However, DigiTimes mentions that Intel has listed around 20 different configurations, and that Hewlett-Packard (HP) will also be joining Asustek and MSI in the CULV market.
The article (and DigiTimes’ sources) make a good argument that the CULV platform may end up having an impact on the netbook market, since the 10-inch netbook market is quickly heading towards very low prices (the Asus Eee PC 1000HE and 10.1-inch Acer Aspire One come to mind with their sub-$400 prices). For those manufacturers that want to compete with ultraportable laptops, but don’t want to get into a race to the bottom with the 10″ netbooks, the CULV platform makes a lot of sense.
LAPTOP Magazine has reviewed the 10.2-inch Asus N10J-A2, which is Asustek’s high-end netbook. It’s actually really pushing the definition of a netbook, given the features and the price (the reviewed model is $799 and Amazon.com has it for $763).
More important than the price (and what contributes to the high price) that separates the N10J-A2 from typical netbooks is the features it comes with:
– 320GB HDD
– 2GB of RAM
– HDMI Out
– Windows XP Vista (XP Home available as a downgrade)
– Fingerprint Reader
– Two year warranty.
It’s still powered by Intel’s Atom CPU, but there are two graphics chipsets that exist on the N10J-A2. Some N10s may not have both. One is the built-in GMA 950 from Intel that is used to conserve battery life. It shares its memory with the system memory. The other is an NVIDIA GeForce 9300M GS with 256MB of dedicated memory. No matter which graphics chipset you have toggled for use, they were still able to get over 4 hours of battery life.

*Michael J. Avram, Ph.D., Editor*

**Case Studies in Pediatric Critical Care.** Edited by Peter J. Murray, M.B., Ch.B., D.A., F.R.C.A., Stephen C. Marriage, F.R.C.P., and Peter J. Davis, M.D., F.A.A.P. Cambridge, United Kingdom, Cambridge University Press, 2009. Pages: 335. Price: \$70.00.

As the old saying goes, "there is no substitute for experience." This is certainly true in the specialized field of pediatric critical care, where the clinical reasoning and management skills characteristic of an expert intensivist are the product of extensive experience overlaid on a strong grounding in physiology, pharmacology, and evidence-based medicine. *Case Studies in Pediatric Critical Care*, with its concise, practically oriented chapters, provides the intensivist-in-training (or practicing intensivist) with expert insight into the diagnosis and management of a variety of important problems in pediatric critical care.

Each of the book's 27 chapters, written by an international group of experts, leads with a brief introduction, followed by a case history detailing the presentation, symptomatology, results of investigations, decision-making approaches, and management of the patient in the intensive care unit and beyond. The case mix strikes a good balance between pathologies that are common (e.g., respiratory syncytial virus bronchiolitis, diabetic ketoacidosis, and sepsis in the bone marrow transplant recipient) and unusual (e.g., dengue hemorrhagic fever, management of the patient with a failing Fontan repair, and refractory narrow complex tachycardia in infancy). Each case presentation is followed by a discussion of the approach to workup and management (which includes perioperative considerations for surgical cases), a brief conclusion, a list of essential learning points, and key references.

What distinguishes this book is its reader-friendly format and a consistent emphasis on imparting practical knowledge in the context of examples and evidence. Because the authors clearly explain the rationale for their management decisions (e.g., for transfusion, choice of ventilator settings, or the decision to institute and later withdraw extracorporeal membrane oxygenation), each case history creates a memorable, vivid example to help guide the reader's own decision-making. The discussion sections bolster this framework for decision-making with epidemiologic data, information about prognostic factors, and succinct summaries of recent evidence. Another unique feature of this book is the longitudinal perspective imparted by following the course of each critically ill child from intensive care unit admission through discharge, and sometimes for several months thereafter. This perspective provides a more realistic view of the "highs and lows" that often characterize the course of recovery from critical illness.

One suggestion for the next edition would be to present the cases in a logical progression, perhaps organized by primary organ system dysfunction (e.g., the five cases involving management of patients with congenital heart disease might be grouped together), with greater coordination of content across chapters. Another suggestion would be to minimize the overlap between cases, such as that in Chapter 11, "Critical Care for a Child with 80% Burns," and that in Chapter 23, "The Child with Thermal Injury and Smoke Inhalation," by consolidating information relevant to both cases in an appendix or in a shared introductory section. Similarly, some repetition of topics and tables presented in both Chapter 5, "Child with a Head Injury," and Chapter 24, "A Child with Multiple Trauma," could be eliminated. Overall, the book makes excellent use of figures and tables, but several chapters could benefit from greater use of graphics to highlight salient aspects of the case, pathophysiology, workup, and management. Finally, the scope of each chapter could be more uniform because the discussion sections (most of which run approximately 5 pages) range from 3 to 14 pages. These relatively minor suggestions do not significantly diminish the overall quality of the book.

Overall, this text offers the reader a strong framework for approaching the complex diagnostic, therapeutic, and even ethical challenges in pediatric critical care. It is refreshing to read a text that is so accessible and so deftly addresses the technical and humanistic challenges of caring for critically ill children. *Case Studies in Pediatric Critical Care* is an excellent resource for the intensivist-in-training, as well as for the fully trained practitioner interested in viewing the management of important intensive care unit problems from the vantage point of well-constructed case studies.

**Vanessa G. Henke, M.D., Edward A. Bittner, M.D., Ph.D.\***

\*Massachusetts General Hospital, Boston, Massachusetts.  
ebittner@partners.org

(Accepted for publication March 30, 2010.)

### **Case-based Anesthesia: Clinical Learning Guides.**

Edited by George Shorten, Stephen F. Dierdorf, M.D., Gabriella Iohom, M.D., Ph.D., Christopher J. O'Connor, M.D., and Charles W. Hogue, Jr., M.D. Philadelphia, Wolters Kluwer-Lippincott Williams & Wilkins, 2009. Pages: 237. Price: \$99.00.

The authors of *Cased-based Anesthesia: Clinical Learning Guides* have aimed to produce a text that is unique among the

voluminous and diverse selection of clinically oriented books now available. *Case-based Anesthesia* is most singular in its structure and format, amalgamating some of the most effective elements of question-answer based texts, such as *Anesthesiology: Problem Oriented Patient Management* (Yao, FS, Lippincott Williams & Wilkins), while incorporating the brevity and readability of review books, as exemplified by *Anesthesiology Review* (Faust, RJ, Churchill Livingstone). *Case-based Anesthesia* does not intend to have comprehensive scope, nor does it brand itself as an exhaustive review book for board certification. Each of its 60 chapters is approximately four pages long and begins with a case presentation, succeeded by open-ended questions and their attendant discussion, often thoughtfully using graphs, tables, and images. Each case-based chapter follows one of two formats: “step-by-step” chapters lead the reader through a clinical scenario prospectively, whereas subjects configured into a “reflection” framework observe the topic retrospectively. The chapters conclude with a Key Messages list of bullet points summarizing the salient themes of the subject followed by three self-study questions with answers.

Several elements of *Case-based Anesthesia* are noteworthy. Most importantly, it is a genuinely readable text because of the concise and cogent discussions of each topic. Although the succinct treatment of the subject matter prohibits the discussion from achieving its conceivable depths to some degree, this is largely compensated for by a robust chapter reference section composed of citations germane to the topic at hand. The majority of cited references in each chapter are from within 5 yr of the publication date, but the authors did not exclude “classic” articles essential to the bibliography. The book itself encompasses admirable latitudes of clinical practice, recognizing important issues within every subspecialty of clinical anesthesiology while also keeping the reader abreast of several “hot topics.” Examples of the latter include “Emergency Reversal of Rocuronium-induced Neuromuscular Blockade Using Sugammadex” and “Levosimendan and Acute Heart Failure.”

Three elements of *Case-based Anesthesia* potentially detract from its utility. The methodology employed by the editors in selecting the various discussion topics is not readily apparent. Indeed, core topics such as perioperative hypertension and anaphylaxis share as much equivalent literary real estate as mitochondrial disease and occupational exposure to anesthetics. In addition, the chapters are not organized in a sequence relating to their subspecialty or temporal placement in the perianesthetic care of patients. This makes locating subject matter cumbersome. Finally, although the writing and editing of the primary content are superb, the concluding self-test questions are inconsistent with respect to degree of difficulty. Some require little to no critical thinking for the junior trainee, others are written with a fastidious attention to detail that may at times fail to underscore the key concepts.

It also features Express Gate which is a Linux-based “Instant-On” OS that allows you to quickly jump into email or browsing the web without having to launch all of the way into Windows.
Read: LAPTOP Magazine
Earlier this month Ars Technica published the first part of their “State of the Netbook” series. The first part covered around 15-20 years prior to 2008/2009.
Yesterday they published part two, aptly named “The State of the Netbook, Part II: The Inevitable Eeeruption” which covers Asustek kick-starting things with their Asus Eee PC line as well the One Laptop Per Child (OLPC) and Classmate projects, which spurred Asustek into action, along with the Nanobook concepts and Intel’s platforms. The HP 2133 was mentioned for its role in getting VIA into the game.
Ars Technica believes the netbook is here to stay, and their view mirrors that of the great Wired article that gets into how netbooks are something that people want, not something they are necessarily being told they need, and the technology is finally delivering:
Is it possible that, after all this sound and fury, the netbook trend may yet turn out to be a tale told by an idiot?
It seems unlikely. This attempt has escalated into a Greek epic of coordinated technological and economic effort by a huge variety of players. From dedicated processors and chipsets from multiple vendors, to cheap LCD screens and memory to tiny hard disks (and SSDs) capacious and fast enough to store and deliver the media users demand, the technology has arrived, and it is being delivered in a dedicated form, engineered for this wave of devices. This is finally it.
Part III will cover the Intel Atom and how it’s both helped and hurt the PC market in general.
Read: Ars Technica